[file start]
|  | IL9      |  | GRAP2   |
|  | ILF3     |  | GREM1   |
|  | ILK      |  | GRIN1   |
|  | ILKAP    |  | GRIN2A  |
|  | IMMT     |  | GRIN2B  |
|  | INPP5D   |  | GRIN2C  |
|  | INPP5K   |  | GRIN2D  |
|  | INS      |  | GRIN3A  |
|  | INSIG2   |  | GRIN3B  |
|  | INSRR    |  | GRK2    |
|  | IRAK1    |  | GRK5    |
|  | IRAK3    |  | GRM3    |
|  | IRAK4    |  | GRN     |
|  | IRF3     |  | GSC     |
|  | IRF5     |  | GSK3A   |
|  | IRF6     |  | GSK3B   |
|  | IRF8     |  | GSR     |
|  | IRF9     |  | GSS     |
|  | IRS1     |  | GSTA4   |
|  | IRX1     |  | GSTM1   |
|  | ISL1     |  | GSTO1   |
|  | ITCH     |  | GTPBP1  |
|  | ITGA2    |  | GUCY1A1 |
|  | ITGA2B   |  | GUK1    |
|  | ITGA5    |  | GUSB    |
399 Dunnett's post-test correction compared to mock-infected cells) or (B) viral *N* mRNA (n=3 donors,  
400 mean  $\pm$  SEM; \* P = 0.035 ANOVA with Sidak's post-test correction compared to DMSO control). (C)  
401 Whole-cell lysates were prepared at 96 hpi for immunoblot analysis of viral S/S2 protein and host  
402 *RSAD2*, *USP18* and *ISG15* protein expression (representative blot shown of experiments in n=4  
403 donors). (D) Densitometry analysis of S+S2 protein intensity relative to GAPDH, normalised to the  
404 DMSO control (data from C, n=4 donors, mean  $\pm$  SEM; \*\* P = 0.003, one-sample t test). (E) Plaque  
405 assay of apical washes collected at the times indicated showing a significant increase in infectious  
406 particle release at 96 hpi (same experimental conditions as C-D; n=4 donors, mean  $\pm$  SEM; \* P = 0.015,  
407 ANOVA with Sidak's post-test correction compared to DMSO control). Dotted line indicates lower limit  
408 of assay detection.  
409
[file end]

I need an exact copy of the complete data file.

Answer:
|  | IL9      |  | GRAP2   |
|  | ILF3     |  | GREM1   |
|  | ILK      |  | GRIN1   |
|  | ILKAP    |  | GRIN2A  |
|  | IMMT     |  | GRIN2B  |
|  | INPP5D   |  | GRIN2C  |
|  | INPP5K   |  | GRIN2D  |
|  | INS      |  | GRIN3A  |
|  | INSIG2   |  | GRIN3B  |
|  | INSRR    |  | GRK2    |
|  | IRAK1    |  | GRK5    |
|  | IRAK3    |  | GRM3    |
|  | IRAK4    |  | GRN     |
|  | IRF3     |  | GSC     |
|  | IRF5     |  | GSK3A   |
|  | IRF6     |  | GSK3B   |
|  | IRF8     |  | GSR     |
|  | IRF9     |  | GSS     |
|  | IRS1     |  | GSTA4   |
|  | IRX1     |  | GSTM1   |
|  | ISL1     |  | GSTO1   |
|  | ITCH     |  | GTPBP1  |
|  | ITGA2    |  | GUCY1A1 |
|  | ITGA2B   |  | GUK1    |
|  | ITGA5    |  | GUSB    |
399 Dunnett's post-test correction compared to mock-infected cells) or (B) viral *N* mRNA (n=3 donors,  
400 mean  $\pm$  SEM; \* P = 0.035 ANOVA with Sidak's post-test correction compared to DMSO control). (C)  
401 Whole-cell lysates were prepared at 96 hpi for immunoblot analysis of viral S/S2 protein and host  
402 *RSAD2*, *USP18* and *ISG15* protein expression (representative blot shown of experiments in n=4  
403 donors). (D) Densitometry analysis of S+S2 protein intensity relative to GAPDH, normalised to the  
404 DMSO control (data from C, n=4 donors, mean  $\pm$  SEM; \*\* P = 0.003, one-sample t test). (E) Plaque  
405 assay of apical washes collected at the times indicated showing a significant increase in infectious  
406 particle release at 96 hpi (same experimental conditions as C-D; n=4 donors, mean  $\pm$  SEM; \* P = 0.015,  
407 ANOVA with Sidak's post-test correction compared to DMSO control). Dotted line indicates lower limit  
408 of assay detection.  
409